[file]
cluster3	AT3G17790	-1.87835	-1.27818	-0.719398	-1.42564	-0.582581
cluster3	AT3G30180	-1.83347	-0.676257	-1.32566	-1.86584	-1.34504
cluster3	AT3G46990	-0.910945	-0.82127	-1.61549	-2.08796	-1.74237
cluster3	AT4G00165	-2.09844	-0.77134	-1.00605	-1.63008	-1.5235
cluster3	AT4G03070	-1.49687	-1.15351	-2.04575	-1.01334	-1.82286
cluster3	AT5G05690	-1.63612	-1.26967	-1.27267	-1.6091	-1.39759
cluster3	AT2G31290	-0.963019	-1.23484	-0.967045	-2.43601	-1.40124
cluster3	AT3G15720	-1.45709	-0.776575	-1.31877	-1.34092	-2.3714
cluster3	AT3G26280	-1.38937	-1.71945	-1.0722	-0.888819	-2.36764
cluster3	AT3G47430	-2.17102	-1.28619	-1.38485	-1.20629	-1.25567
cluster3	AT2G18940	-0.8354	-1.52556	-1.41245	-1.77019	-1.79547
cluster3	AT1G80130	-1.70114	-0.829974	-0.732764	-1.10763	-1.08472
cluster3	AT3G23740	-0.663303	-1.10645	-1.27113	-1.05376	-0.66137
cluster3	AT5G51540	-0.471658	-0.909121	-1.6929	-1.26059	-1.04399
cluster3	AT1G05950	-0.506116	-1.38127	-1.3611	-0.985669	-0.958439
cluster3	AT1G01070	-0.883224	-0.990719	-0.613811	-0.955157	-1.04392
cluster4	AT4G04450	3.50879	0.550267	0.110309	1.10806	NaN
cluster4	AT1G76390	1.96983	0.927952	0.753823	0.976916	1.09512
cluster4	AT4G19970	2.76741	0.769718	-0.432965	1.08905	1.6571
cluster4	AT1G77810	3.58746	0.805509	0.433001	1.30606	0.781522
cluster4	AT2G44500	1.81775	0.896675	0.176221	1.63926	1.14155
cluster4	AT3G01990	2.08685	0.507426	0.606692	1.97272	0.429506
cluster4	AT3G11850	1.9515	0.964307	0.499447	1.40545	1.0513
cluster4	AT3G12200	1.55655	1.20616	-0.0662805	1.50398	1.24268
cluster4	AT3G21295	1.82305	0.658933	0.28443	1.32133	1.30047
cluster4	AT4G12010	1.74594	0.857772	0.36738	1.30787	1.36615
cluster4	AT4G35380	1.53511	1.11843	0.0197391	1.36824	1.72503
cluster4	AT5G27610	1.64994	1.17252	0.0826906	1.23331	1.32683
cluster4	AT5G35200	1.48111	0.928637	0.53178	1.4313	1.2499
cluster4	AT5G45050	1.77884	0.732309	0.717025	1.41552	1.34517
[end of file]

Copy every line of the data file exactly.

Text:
cluster3	AT3G17790	-1.87835	-1.27818	-0.719398	-1.42564	-0.582581
cluster3	AT3G30180	-1.83347	-0.676257	-1.32566	-1.86584	-1.34504
cluster3	AT3G46990	-0.910945	-0.82127	-1.61549	-2.08796	-1.74237
cluster3	AT4G00165	-2.09844	-0.77134	-1.00605	-1.63008	-1.5235
cluster3	AT4G03070	-1.49687	-1.15351	-2.04575	-1.01334	-1.82286
cluster3	AT5G05690	-1.63612	-1.26967	-1.27267	-1.6091	-1.39759
cluster3	AT2G31290	-0.963019	-1.23484	-0.967045	-2.43601	-1.40124
cluster3	AT3G15720	-1.45709	-0.776575	-1.31877	-1.34092	-2.3714
cluster3	AT3G26280	-1.38937	-1.71945	-1.0722	-0.888819	-2.36764
cluster3	AT3G47430	-2.17102	-1.28619	-1.38485	-1.20629	-1.25567
cluster3	AT2G18940	-0.8354	-1.52556	-1.41245	-1.77019	-1.79547
cluster3	AT1G80130	-1.70114	-0.829974	-0.732764	-1.10763	-1.08472
cluster3	AT3G23740	-0.663303	-1.10645	-1.27113	-1.05376	-0.66137
cluster3	AT5G51540	-0.471658	-0.909121	-1.6929	-1.26059	-1.04399
cluster3	AT1G05950	-0.506116	-1.38127	-1.3611	-0.985669	-0.958439
cluster3	AT1G01070	-0.883224	-0.990719	-0.613811	-0.955157	-1.04392
cluster4	AT4G04450	3.50879	0.550267	0.110309	1.10806	NaN
cluster4	AT1G76390	1.96983	0.927952	0.753823	0.976916	1.09512
cluster4	AT4G19970	2.76741	0.769718	-0.432965	1.08905	1.6571
cluster4	AT1G77810	3.58746	0.805509	0.433001	1.30606	0.781522
cluster4	AT2G44500	1.81775	0.896675	0.176221	1.63926	1.14155
cluster4	AT3G01990	2.08685	0.507426	0.606692	1.97272	0.429506
cluster4	AT3G11850	1.9515	0.964307	0.499447	1.40545	1.0513
cluster4	AT3G12200	1.55655	1.20616	-0.0662805	1.50398	1.24268
cluster4	AT3G21295	1.82305	0.658933	0.28443	1.32133	1.30047
cluster4	AT4G12010	1.74594	0.857772	0.36738	1.30787	1.36615
cluster4	AT4G35380	1.53511	1.11843	0.0197391	1.36824	1.72503
cluster4	AT5G27610	1.64994	1.17252	0.0826906	1.23331	1.32683
cluster4	AT5G35200	1.48111	0.928637	0.53178	1.4313	1.2499
cluster4	AT5G45050	1.77884	0.732309	0.717025	1.41552	1.34517